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Almost all languages have a foreach loop (function) or something similar. I wonder if C has one? Can you post some example code?

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I think you should accept Johanne's answer :) – Geo Papas Nov 26 '13 at 20:47

C doesn't have a foreach, but macros are frequently used to emulate that:

#define for_each_item(item, list) \
    for(T * item = list->head; item != NULL; item = item->next)

And can be used like

for_each_item(i, processes) {

Iteration over an array is also possible:

#define foreach(item, array) \
    for(int keep = 1, \
            count = 0,\
            size = sizeof (array) / sizeof *(array); \
        keep && count != size; \
        keep = !keep, count++) \
      for(item = (array) + count; keep; keep = !keep)

And can be used like

int values[] = { 1, 2, 3 };
foreach(int *v, values) {
    printf("value: %d\n", *v);

Edit: In case you are also interested in C++ solutions, C++ has a native for-each syntax called "range based for"

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your foreach implementation is great. never thought about nesting for's. – Iraimbilanja Apr 17 '09 at 12:12
If you've got the "typeof" operator (gcc extension; pretty common on many other compilers) you can get rid of that "int *". The inner for loop becomes something like "for(typeof((array)+0) item = ..." Then you can call as "foreach( v, values ) ..." – leander Aug 6 '09 at 4:46
@eSKay yes consider if(...) foreach(int *v, values) ... . If they are outside the loop it expands to if(...) int count = 0 ...; for(...) ...; and will break. – Johannes Schaub - litb May 9 '10 at 11:37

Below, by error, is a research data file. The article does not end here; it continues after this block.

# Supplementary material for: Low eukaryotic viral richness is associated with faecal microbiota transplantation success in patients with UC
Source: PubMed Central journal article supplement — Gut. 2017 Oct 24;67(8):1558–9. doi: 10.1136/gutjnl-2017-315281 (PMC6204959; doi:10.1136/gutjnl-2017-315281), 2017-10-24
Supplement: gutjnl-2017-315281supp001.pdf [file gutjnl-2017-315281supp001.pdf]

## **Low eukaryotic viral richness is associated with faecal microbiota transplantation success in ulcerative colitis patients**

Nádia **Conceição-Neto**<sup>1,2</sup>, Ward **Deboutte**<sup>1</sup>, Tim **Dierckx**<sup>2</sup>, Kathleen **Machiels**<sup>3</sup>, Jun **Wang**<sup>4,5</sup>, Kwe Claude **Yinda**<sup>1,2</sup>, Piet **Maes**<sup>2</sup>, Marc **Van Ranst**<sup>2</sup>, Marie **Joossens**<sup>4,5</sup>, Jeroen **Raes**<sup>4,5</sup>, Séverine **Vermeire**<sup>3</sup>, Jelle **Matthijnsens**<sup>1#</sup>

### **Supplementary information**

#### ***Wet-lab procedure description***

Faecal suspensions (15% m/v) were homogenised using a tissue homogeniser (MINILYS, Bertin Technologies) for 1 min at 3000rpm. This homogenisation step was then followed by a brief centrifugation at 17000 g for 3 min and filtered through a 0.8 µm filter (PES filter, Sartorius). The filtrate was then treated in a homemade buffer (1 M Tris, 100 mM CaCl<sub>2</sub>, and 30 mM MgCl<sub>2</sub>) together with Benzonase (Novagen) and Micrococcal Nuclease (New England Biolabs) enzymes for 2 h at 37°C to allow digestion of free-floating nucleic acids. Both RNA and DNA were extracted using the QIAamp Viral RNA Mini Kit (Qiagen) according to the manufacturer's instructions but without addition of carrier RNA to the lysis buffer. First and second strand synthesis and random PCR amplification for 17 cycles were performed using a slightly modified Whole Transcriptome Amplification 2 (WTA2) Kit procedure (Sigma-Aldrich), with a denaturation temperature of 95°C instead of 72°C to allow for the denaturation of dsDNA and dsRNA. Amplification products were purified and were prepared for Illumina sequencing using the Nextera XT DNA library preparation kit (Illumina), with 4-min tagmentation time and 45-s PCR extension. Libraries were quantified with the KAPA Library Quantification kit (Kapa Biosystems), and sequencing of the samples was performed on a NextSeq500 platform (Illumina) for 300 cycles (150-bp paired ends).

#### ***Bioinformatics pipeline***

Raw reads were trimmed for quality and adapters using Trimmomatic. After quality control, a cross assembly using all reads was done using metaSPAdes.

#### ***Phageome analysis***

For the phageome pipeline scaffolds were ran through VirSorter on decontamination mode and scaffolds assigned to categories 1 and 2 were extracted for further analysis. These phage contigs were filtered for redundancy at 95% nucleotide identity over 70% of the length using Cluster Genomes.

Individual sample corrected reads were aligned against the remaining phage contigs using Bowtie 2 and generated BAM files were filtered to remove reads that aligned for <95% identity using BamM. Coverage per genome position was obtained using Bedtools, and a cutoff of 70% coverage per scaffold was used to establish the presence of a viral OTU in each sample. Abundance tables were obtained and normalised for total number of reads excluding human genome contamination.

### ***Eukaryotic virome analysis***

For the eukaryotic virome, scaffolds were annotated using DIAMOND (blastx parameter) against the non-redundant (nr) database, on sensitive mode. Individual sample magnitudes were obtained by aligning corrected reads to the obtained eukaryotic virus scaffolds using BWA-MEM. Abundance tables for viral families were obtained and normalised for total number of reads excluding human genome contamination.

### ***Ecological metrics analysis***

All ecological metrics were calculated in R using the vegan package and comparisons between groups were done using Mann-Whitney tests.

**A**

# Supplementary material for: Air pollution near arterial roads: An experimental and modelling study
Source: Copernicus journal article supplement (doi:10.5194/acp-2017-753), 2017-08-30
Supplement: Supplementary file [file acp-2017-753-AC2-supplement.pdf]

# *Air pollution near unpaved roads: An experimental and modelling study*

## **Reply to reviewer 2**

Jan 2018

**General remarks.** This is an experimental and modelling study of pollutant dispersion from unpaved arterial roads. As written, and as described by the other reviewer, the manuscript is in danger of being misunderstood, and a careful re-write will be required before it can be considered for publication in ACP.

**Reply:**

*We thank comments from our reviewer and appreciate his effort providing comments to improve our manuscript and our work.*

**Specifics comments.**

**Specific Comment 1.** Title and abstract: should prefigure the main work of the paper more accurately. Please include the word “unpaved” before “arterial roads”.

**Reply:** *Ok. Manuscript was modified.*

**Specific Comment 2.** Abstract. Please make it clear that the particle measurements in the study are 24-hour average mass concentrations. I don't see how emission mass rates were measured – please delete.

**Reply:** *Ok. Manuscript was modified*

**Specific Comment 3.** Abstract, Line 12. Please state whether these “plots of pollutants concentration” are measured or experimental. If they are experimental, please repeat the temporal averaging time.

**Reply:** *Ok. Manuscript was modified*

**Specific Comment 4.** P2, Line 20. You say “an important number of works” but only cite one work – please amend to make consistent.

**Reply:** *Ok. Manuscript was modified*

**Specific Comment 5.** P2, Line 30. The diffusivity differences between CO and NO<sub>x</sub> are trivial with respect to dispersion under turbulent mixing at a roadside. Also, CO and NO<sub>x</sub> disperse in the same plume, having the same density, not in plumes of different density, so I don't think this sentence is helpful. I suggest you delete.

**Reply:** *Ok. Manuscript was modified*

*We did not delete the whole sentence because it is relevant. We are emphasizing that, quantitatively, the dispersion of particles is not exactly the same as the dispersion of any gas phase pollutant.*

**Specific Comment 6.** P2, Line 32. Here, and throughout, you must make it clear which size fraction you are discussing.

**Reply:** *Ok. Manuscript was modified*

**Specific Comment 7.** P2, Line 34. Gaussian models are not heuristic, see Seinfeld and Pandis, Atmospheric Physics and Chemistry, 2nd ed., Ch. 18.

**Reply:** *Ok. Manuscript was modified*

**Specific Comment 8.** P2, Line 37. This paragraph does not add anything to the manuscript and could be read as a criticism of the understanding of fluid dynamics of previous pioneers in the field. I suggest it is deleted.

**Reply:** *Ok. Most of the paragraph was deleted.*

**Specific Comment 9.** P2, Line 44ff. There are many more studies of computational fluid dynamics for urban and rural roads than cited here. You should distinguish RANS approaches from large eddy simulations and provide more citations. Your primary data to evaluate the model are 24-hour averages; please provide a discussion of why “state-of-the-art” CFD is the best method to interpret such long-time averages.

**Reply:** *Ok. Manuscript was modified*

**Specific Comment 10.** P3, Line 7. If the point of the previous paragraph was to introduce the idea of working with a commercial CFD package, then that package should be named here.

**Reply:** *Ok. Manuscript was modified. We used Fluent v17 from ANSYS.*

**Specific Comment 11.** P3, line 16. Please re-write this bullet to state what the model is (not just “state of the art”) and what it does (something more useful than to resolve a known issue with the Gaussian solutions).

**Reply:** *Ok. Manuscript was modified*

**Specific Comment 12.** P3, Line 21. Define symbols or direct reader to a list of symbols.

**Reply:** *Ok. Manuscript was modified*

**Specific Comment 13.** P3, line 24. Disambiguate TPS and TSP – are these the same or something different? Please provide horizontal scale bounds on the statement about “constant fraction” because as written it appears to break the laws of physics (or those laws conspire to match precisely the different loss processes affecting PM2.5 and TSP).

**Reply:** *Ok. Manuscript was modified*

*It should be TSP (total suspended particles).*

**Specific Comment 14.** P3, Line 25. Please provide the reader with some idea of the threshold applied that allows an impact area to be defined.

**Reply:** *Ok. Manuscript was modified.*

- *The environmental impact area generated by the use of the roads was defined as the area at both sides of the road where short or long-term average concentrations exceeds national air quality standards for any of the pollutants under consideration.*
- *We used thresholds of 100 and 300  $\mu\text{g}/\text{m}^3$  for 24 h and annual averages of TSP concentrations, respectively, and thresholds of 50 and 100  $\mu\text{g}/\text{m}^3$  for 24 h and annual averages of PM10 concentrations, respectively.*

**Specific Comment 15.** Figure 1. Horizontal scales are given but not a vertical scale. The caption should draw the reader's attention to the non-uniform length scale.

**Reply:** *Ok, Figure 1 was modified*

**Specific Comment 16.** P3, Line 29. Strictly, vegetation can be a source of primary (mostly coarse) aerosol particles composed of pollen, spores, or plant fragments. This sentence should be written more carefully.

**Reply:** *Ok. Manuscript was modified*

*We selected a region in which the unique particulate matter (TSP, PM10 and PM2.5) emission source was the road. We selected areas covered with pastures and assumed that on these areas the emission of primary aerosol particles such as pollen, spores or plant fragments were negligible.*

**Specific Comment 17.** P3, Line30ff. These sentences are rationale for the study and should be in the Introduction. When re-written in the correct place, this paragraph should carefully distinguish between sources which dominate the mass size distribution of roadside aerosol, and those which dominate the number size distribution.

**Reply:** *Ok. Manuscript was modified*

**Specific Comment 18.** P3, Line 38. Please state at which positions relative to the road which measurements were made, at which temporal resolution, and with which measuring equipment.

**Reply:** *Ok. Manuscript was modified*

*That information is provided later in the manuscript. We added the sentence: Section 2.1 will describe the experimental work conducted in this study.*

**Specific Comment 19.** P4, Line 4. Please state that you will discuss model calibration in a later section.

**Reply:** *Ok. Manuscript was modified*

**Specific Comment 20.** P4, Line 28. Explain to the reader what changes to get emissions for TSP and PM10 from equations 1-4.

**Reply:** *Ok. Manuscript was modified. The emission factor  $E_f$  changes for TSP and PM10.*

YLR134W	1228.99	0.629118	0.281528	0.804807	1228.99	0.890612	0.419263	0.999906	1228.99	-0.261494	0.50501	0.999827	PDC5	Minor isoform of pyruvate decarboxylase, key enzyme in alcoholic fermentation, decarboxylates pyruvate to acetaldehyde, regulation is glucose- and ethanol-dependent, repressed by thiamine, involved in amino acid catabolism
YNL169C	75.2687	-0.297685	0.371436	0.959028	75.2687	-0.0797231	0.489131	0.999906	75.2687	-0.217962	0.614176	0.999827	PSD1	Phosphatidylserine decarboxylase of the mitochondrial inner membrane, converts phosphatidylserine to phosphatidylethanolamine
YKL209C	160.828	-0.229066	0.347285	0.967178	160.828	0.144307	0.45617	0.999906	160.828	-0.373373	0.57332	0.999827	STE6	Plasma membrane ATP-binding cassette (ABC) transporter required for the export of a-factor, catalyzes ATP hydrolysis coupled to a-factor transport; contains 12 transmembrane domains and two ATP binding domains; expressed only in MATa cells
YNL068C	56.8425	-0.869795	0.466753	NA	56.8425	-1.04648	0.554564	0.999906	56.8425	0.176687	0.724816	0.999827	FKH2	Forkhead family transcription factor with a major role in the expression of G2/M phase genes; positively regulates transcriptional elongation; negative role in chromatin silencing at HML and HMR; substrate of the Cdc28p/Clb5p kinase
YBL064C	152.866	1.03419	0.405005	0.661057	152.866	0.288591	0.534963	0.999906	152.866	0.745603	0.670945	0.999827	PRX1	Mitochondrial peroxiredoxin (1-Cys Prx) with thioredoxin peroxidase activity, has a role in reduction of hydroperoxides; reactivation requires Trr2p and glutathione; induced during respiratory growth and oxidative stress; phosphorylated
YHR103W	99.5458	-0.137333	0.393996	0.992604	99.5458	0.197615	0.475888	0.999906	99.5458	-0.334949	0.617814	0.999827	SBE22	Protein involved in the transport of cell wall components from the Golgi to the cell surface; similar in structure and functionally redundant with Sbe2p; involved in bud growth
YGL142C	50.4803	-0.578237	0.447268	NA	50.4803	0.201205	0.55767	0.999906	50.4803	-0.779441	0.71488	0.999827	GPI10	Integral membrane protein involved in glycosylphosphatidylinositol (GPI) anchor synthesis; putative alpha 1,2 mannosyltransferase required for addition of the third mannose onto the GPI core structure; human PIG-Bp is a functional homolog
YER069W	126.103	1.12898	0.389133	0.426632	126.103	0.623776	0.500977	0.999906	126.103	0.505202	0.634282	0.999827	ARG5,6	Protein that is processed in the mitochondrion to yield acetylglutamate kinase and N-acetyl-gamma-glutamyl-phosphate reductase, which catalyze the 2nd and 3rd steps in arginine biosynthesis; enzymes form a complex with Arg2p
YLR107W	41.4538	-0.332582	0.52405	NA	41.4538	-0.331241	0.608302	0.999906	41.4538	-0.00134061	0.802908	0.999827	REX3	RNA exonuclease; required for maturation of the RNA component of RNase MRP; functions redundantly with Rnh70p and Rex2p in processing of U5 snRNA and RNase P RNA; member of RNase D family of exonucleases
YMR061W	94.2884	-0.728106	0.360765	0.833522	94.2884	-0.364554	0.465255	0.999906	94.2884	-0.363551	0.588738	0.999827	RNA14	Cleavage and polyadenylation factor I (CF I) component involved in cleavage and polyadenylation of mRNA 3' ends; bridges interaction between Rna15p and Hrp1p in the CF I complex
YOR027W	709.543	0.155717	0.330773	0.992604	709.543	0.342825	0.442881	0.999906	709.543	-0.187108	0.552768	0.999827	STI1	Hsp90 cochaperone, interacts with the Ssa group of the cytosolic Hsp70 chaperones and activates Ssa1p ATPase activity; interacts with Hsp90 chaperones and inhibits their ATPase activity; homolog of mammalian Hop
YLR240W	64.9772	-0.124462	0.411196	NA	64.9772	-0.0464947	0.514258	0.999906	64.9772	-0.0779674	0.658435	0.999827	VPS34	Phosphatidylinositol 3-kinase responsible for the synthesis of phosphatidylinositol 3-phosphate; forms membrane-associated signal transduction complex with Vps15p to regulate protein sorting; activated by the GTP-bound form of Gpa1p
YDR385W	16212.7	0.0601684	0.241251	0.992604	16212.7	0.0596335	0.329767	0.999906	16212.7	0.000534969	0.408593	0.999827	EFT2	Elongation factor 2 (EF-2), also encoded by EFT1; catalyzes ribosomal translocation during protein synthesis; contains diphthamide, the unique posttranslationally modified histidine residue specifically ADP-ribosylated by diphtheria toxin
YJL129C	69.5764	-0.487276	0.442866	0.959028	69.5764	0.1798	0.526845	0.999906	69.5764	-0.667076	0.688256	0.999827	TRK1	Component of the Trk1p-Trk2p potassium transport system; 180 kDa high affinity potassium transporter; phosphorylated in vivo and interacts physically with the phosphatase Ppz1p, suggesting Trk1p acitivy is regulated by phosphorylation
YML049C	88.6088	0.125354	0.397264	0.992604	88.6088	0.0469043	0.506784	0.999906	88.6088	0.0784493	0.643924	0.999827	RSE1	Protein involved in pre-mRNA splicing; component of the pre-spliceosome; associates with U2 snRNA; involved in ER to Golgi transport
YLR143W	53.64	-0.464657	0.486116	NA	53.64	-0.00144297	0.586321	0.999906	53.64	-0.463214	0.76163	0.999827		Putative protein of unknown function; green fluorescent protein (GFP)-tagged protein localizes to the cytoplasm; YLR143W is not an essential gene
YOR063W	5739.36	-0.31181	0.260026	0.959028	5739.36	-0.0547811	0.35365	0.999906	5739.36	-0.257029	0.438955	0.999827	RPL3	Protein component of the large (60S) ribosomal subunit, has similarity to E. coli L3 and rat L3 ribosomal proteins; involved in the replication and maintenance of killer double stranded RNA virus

@fred to make "break" work – Johannes Schaub - litb Feb 15 '12 at 10:34
Whoah, that's very clever! – fredoverflow Feb 15 '12 at 10:44

No, it doesn't.

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It does provide the correct answer, C language does not have; neither does the C standard library. – Antti Haapala Aug 6 '14 at 11:38

Here is a full program example of a for-each macro in C99:

#include <stdio.h>

typedef struct list_node list_node;
struct list_node {
    list_node *next;
    void *data;

#define FOR_EACH(item, list) \
    for (list_node *(item) = (list); (item); (item) = (item)->next)

main(int argc, char *argv[])
    list_node list[] = {
        { .next = &list[1], .data = "test 1" },
        { .next = &list[2], .data = "test 2" },
        { .next = NULL,     .data = "test 3" }

    FOR_EACH(item, list)
        puts((char *) item->data);

    return 0;
share|improve this answer
What does the dot do in the list[] definition? Couldn't you simply write next instead of .next? – Rizo Jun 28 '10 at 10:25
@Rizo No, the dot is a part of the syntax for C99 designated initializers. See – Judge Maygarden Jun 28 '10 at 15:27
@Rizo: Note also that that's a really hacky way of building a linked list. It'll do for this demo but don't do it that way in practice! – Donal Fellows Jul 21 '10 at 15:18
@Donal What makes it "hacky"? – Judge Maygarden Jul 22 '10 at 13:17
@Judge: Well, for one thing it has “surprising” lifetime (if you're working with code which removes elements, chances are you'll crash in free()) and for another it has a reference to the value inside its definition. It's really an example of something that's just too damn clever; code's complex enough without purposefully adding cleverness to it. Kernighan's aphorism (…) applies! – Donal Fellows Jul 22 '10 at 23:25